Bacterial contamination

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Background and Objectives

Blood components may be contaminated with commensal, pathogenic or environmental bacteria during collection, manufacture or storage. The outcome of transfusion is dependent on the ability of the specific strain to multiply to clinically relevant titres during storage, the pathogenicity of the strain and the patients' situation. Platelets in particular are stored in conditions conducive to bacterial growth, and septic reactions to these products are the most frequently documented infectious risk of transfusion.

Materials and Methods

This update will use recent reports and unpublished data to describe our current understanding of the role of bacteria in platelet transfusion safety.


Historical data suggest that ˜1:1–3000 platelet products are contaminated with bacteria, and septic transfusion reactions occurred in 1:15 000–100 000 transfusions. Clinical awareness of the danger and a 2004 AABB standard requiring blood centres ‘to limit and detect bacteria’ in platelet products have driven the development of safety systems. The last decade has seen the implementation of optimal skin disinfection techniques and sample diversion strategies to reduce contamination, and many centres have implemented either bacterial culture testing or pathogen inactivation processes. Prerelease culture testing can reduce but cannot eliminate the risk of exposure to contaminated components. Pathogen inactivation technologies show variable efficacy at killing bacteria. Alternatively, assays performed on the day of transfusion prevent the transfusion of high concentrations of bacteria that are associated with the most severe adverse reactions.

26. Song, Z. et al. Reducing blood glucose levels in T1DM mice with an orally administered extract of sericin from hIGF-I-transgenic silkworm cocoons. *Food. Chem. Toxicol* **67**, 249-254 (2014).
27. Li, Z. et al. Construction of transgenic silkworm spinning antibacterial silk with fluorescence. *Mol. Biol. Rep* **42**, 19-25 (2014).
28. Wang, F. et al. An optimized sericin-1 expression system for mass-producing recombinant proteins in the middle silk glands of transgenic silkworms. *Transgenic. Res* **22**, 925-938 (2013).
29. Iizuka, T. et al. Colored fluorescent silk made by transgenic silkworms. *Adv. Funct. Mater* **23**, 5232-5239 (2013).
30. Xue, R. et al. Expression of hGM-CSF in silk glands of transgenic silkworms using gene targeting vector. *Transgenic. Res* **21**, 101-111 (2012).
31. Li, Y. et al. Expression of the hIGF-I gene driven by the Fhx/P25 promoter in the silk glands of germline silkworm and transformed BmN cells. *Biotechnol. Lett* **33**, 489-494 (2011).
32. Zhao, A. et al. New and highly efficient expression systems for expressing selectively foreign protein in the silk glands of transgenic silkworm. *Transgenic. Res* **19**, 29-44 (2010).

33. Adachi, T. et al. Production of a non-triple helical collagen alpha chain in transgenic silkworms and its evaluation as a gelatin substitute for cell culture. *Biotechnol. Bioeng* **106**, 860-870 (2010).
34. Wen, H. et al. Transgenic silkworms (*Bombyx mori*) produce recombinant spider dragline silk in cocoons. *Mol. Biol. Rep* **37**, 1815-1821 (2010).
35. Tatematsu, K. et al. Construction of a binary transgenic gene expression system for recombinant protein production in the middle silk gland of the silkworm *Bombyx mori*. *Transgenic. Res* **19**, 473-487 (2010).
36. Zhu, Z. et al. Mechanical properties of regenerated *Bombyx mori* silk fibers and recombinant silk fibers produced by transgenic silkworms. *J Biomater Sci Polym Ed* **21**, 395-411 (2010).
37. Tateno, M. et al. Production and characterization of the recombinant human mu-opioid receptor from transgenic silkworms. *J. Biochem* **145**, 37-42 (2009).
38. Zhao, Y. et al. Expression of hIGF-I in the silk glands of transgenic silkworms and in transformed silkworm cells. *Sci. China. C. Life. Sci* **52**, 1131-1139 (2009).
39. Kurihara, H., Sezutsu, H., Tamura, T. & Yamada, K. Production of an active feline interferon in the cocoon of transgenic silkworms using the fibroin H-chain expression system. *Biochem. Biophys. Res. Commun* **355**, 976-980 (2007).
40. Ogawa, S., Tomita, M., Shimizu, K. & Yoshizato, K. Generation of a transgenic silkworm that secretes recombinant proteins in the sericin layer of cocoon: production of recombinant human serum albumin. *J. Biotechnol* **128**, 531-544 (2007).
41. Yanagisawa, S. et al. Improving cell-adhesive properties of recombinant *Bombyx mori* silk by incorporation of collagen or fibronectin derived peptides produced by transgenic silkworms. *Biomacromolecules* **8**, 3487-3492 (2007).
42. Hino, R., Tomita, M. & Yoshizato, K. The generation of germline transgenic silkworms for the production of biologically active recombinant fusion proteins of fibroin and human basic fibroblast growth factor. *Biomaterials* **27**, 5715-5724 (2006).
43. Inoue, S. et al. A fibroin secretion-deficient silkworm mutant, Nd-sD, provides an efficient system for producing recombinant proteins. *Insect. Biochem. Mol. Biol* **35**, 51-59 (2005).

Bacterial contamination and sepsis remain the greatest infectious risks of transfusion. Enhanced testing or pathogen inactivation should be implemented to ensure patient safety.

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